Read the whole thing.
In December 2003, when signing the American Dream Downpayment Act, Bush bragged:
"Last year I set a goal to add 5.5 million new minority homeowners in America by the end of the decade. That is an attainable goal; that is an essential goal. And we're making progress toward that goal. In the past 18 months, more than 1 million minority families have become homeowners. (Applause.) And there's more that we can do to achieve the goal. The law I sign today will help us build on this progress in a very practical way."
What was truly significant about Bush's 2002 speeches (including the doozy he delivered on October 15, 2002 at his White House conference, which you should read for the schadenfreude alone) was not the legislation he endorsed–but the unsubtle message he was sending to lenders and, most importantly, to his own employees, the federal regulators.
Bush made clear at his October 15, 2002 conference that he opposed not merely discriminating against borrowers who might turn out to be bad credit risks–he wanted more money to go to documented bad credit risks. He brayed:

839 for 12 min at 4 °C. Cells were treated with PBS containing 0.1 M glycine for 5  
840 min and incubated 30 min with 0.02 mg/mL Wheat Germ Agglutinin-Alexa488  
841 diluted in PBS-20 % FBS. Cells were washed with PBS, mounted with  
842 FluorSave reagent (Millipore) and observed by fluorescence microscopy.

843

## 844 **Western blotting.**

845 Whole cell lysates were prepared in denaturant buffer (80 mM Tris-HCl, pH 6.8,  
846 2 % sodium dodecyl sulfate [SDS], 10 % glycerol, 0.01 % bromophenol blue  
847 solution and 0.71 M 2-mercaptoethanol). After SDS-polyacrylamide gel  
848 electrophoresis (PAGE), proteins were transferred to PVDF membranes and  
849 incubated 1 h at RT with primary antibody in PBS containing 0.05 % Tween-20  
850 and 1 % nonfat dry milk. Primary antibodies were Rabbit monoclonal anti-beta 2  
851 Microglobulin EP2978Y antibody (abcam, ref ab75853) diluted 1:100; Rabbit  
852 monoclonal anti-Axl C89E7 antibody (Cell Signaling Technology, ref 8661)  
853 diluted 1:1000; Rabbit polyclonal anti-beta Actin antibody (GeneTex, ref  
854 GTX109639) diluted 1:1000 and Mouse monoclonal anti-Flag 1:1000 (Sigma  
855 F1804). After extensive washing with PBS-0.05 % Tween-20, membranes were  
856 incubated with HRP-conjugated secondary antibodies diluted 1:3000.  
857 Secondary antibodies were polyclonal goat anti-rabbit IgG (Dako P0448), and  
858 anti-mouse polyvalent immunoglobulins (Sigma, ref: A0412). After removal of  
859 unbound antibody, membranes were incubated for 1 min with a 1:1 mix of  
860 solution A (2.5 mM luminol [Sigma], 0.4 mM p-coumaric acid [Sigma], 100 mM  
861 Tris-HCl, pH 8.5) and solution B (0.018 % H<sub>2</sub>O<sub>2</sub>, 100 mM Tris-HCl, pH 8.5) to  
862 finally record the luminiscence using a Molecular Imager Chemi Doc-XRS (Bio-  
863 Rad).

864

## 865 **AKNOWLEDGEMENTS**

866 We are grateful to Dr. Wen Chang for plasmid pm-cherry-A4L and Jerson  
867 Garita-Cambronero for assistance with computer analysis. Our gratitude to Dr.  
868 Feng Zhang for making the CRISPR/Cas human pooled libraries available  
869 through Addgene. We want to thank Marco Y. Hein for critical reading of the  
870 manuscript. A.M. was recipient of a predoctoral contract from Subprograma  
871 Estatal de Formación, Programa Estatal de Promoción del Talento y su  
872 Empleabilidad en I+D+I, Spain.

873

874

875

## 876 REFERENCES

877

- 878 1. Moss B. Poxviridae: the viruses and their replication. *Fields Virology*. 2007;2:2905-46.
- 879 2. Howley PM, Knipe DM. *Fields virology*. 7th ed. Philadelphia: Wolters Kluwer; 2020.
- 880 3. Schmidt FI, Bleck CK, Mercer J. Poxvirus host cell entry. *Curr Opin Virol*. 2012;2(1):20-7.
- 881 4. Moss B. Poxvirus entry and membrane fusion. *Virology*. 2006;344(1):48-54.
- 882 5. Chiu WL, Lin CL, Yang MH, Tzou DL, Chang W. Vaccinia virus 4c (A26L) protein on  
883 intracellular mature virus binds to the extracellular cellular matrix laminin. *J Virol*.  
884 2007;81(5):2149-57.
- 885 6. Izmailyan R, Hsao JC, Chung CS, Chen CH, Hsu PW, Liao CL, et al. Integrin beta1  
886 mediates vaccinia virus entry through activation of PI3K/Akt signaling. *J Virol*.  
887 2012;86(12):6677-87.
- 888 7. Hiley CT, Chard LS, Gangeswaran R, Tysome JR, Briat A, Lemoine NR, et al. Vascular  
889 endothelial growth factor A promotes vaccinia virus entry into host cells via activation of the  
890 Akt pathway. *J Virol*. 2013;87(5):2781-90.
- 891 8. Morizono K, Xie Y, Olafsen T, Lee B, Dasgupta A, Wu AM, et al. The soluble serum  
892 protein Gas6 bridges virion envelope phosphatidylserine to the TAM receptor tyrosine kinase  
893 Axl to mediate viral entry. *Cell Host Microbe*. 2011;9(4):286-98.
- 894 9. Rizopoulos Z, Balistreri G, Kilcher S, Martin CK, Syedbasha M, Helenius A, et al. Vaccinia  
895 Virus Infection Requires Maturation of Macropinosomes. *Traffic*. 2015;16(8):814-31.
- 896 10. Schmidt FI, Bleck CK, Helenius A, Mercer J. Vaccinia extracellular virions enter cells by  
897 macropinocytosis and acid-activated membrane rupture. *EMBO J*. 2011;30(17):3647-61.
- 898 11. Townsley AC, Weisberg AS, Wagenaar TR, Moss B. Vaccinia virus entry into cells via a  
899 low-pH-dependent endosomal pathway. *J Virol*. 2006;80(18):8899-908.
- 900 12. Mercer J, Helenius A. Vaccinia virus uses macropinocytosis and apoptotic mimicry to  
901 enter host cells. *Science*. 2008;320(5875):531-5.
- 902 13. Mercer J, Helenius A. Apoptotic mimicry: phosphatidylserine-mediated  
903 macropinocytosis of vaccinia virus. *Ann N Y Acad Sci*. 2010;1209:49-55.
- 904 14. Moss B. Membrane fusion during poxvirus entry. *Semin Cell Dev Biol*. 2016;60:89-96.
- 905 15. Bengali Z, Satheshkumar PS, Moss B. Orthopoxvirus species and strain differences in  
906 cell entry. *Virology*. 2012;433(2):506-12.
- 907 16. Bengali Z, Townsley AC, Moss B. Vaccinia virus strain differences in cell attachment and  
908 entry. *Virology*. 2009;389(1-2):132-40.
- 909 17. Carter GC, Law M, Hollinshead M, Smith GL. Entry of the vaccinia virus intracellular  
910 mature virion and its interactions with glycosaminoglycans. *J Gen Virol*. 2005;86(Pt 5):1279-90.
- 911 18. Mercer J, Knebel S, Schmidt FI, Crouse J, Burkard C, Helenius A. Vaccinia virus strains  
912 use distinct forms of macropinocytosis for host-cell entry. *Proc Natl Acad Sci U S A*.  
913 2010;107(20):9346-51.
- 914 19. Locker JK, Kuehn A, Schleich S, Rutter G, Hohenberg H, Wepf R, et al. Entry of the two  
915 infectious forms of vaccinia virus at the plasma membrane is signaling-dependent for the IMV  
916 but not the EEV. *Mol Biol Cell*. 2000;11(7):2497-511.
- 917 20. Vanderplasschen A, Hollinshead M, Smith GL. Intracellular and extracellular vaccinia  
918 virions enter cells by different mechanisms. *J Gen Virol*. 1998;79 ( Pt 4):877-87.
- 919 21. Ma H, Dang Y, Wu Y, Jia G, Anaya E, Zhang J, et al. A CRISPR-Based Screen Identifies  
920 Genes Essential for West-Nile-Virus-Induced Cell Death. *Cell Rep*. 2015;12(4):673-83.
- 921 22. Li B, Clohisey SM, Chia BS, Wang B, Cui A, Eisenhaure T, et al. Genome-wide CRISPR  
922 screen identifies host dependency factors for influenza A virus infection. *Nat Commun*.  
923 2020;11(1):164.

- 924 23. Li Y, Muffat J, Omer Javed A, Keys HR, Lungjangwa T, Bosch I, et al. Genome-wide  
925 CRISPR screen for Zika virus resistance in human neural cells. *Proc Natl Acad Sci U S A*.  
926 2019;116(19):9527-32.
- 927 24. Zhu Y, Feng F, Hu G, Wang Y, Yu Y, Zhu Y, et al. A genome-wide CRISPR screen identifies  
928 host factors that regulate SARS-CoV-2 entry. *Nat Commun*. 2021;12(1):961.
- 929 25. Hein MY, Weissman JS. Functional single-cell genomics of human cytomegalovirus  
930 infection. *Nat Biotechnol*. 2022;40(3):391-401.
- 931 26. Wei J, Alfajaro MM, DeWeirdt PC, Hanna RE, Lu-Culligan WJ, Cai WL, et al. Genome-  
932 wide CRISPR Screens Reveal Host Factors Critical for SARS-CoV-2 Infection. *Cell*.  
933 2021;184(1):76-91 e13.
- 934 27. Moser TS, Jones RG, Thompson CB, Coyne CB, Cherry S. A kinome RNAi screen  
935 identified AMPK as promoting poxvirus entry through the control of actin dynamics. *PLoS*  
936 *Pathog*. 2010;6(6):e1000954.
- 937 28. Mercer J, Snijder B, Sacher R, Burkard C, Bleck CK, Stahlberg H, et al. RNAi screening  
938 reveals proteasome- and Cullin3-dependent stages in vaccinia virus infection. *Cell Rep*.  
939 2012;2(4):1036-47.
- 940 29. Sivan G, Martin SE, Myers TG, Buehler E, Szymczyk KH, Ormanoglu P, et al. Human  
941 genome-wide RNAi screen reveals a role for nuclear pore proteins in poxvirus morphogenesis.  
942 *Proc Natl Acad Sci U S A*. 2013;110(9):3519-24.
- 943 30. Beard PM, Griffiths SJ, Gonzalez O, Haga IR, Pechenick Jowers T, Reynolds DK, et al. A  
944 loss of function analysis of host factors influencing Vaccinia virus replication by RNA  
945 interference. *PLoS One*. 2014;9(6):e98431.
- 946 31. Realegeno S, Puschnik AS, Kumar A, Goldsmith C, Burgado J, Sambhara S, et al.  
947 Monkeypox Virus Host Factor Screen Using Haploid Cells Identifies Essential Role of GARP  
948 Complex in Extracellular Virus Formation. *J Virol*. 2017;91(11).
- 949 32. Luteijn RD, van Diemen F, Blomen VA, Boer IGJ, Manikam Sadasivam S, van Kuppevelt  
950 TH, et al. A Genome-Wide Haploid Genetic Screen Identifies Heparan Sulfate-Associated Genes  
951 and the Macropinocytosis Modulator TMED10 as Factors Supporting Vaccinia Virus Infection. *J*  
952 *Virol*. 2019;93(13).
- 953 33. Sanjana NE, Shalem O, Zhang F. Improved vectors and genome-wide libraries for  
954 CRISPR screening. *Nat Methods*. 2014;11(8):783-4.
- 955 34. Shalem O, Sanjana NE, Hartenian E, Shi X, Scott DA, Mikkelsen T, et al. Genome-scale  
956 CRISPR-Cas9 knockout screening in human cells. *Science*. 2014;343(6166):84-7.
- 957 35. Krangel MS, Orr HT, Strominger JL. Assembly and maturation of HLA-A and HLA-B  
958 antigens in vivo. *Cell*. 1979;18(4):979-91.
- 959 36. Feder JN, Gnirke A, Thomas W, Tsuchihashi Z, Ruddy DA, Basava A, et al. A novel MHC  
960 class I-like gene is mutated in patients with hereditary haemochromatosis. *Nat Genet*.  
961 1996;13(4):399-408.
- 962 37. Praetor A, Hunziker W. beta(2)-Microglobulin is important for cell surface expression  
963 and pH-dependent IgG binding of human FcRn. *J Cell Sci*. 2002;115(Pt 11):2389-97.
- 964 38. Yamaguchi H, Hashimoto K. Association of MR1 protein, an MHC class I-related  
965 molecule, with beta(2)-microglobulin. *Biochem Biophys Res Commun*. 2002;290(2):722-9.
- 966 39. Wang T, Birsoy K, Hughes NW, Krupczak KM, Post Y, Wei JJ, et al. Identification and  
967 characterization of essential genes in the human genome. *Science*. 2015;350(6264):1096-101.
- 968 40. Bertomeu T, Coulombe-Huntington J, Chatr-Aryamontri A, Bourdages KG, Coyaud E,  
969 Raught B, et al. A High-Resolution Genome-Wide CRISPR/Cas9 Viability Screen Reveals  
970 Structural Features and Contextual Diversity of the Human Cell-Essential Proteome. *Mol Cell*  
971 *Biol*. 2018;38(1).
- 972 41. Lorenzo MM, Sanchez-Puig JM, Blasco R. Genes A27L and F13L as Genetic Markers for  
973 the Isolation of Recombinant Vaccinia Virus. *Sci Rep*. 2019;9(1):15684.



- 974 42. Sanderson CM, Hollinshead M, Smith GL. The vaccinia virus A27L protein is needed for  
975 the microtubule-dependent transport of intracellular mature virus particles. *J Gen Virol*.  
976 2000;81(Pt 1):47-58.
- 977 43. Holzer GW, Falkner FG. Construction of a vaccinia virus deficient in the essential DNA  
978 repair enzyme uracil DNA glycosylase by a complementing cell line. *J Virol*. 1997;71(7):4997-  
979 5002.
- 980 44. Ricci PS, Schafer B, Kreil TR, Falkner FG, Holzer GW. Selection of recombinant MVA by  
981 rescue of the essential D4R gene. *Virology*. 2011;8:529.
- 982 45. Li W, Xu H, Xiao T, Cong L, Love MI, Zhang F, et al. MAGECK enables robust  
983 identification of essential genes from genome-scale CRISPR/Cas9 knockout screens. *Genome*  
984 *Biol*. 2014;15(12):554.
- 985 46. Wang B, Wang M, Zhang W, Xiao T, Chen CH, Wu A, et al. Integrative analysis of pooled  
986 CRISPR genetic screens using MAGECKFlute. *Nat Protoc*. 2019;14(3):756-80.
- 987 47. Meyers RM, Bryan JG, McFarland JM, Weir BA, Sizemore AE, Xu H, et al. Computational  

"Freddie Mac recently began 25 initiatives around the country to dismantle barriers and create greater opportunities for homeownership. One of the programs is designed to help deserving families who have bad credit histories to qualify for homeownership loans."
Let's put Bush's influence in perspective. I'm not saying that financial institutions would intentionally make hundreds of billions of dollars worth of bad loans just on the President's say-so. But what I am saying is that federal employees, such as financial regulators, do listen closely to what the Chief Executive says about what he wants done regarding those iffy loans.